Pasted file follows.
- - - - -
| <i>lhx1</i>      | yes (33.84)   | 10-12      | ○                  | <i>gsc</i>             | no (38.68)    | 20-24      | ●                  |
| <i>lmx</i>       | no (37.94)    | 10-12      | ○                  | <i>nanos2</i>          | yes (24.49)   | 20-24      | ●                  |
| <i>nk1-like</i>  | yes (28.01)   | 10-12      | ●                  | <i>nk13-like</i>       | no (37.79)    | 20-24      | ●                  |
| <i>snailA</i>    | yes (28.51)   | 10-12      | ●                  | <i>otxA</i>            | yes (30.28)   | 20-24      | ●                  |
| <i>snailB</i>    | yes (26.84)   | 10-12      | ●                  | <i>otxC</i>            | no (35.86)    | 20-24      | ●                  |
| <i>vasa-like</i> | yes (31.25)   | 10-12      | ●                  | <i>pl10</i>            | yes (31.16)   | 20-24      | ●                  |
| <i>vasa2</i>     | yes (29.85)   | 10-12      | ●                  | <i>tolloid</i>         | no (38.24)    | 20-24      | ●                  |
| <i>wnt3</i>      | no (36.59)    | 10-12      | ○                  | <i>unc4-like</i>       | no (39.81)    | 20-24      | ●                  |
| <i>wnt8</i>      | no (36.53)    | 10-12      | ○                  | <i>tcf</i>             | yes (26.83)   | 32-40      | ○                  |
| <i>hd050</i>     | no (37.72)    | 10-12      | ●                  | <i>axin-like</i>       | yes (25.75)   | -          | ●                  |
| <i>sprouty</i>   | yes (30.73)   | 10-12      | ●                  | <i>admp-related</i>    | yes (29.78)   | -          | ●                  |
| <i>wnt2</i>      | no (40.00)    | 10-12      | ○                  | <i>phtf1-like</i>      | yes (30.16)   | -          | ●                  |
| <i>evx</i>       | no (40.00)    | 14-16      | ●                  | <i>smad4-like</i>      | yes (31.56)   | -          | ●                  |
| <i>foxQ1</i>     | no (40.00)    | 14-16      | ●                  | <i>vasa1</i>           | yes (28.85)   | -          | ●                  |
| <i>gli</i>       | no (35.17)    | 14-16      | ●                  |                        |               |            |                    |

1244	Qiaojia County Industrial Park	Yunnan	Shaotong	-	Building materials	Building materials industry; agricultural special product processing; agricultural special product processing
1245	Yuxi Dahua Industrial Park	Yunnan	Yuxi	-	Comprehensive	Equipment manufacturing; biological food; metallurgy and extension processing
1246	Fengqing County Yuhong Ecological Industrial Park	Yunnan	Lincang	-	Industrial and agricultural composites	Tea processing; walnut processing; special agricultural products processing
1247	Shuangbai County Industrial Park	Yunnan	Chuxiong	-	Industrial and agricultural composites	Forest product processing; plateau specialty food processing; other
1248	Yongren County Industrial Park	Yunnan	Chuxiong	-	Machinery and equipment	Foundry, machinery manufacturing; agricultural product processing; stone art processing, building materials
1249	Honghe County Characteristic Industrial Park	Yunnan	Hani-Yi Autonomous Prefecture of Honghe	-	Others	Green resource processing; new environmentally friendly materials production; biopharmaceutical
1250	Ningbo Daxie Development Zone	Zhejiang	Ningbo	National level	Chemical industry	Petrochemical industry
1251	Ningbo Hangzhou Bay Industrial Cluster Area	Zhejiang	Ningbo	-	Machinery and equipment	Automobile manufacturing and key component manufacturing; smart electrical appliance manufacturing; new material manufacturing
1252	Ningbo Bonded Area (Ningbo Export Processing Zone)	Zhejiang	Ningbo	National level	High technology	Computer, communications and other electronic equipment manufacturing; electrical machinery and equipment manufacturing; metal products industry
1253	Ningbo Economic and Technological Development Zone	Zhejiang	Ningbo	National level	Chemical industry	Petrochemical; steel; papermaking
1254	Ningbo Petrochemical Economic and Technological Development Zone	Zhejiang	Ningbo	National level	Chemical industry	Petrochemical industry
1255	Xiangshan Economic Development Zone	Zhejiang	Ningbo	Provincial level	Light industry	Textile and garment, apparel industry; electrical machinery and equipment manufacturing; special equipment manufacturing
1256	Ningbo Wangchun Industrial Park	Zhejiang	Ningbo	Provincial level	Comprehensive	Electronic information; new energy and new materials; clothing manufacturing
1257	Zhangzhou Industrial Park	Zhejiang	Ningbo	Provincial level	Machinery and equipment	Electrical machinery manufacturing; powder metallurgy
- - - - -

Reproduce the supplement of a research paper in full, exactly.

| <i>lhx1</i>      | yes (33.84)   | 10-12      | ○                  | <i>gsc</i>             | no (38.68)    | 20-24      | ●                  |
| <i>lmx</i>       | no (37.94)    | 10-12      | ○                  | <i>nanos2</i>          | yes (24.49)   | 20-24      | ●                  |
| <i>nk1-like</i>  | yes (28.01)   | 10-12      | ●                  | <i>nk13-like</i>       | no (37.79)    | 20-24      | ●                  |
| <i>snailA</i>    | yes (28.51)   | 10-12      | ●                  | <i>otxA</i>            | yes (30.28)   | 20-24      | ●                  |
| <i>snailB</i>    | yes (26.84)   | 10-12      | ●                  | <i>otxC</i>            | no (35.86)    | 20-24      | ●                  |
| <i>vasa-like</i> | yes (31.25)   | 10-12      | ●                  | <i>pl10</i>            | yes (31.16)   | 20-24      | ●                  |
| <i>vasa2</i>     | yes (29.85)   | 10-12      | ●                  | <i>tolloid</i>         | no (38.24)    | 20-24      | ●                  |
| <i>wnt3</i>      | no (36.59)    | 10-12      | ○                  | <i>unc4-like</i>       | no (39.81)    | 20-24      | ●                  |
| <i>wnt8</i>      | no (36.53)    | 10-12      | ○                  | <i>tcf</i>             | yes (26.83)   | 32-40      | ○                  |
| <i>hd050</i>     | no (37.72)    | 10-12      | ●                  | <i>axin-like</i>       | yes (25.75)   | -          | ●                  |
| <i>sprouty</i>   | yes (30.73)   | 10-12      | ●                  | <i>admp-related</i>    | yes (29.78)   | -          | ●                  |
| <i>wnt2</i>      | no (40.00)    | 10-12      | ○                  | <i>phtf1-like</i>      | yes (30.16)   | -          | ●                  |
| <i>evx</i>       | no (40.00)    | 14-16      | ●                  | <i>smad4-like</i>      | yes (31.56)   | -          | ●                  |
| <i>foxQ1</i>     | no (40.00)    | 14-16      | ●                  | <i>vasa1</i>           | yes (28.85)   | -          | ●                  |
| <i>gli</i>       | no (35.17)    | 14-16      | ●                  |                        |               |            |                    |

1244	Qiaojia County Industrial Park	Yunnan	Shaotong	-	Building materials	Building materials industry; agricultural special product processing; agricultural special product processing
1245	Yuxi Dahua Industrial Park	Yunnan	Yuxi	-	Comprehensive	Equipment manufacturing; biological food; metallurgy and extension processing
1246	Fengqing County Yuhong Ecological Industrial Park	Yunnan	Lincang	-	Industrial and agricultural composites	Tea processing; walnut processing; special agricultural products processing
1247	Shuangbai County Industrial Park	Yunnan	Chuxiong	-	Industrial and agricultural composites	Forest product processing; plateau specialty food processing; other
1248	Yongren County Industrial Park	Yunnan	Chuxiong	-	Machinery and equipment	Foundry, machinery manufacturing; agricultural product processing; stone art processing, building materials
1249	Honghe County Characteristic Industrial Park	Yunnan	Hani-Yi Autonomous Prefecture of Honghe	-	Others	Green resource processing; new environmentally friendly materials production; biopharmaceutical
1250	Ningbo Daxie Development Zone	Zhejiang	Ningbo	National level	Chemical industry	Petrochemical industry
1251	Ningbo Hangzhou Bay Industrial Cluster Area	Zhejiang	Ningbo	-	Machinery and equipment	Automobile manufacturing and key component manufacturing; smart electrical appliance manufacturing; new material manufacturing
1252	Ningbo Bonded Area (Ningbo Export Processing Zone)	Zhejiang	Ningbo	National level	High technology	Computer, communications and other electronic equipment manufacturing; electrical machinery and equipment manufacturing; metal products industry
1253	Ningbo Economic and Technological Development Zone	Zhejiang	Ningbo	National level	Chemical industry	Petrochemical; steel; papermaking
1254	Ningbo Petrochemical Economic and Technological Development Zone	Zhejiang	Ningbo	National level	Chemical industry	Petrochemical industry
1255	Xiangshan Economic Development Zone	Zhejiang	Ningbo	Provincial level	Light industry	Textile and garment, apparel industry; electrical machinery and equipment manufacturing; special equipment manufacturing
1256	Ningbo Wangchun Industrial Park	Zhejiang	Ningbo	Provincial level	Comprehensive	Electronic information; new energy and new materials; clothing manufacturing
1257	Zhangzhou Industrial Park	Zhejiang	Ningbo	Provincial level	Machinery and equipment	Electrical machinery manufacturing; powder metallurgy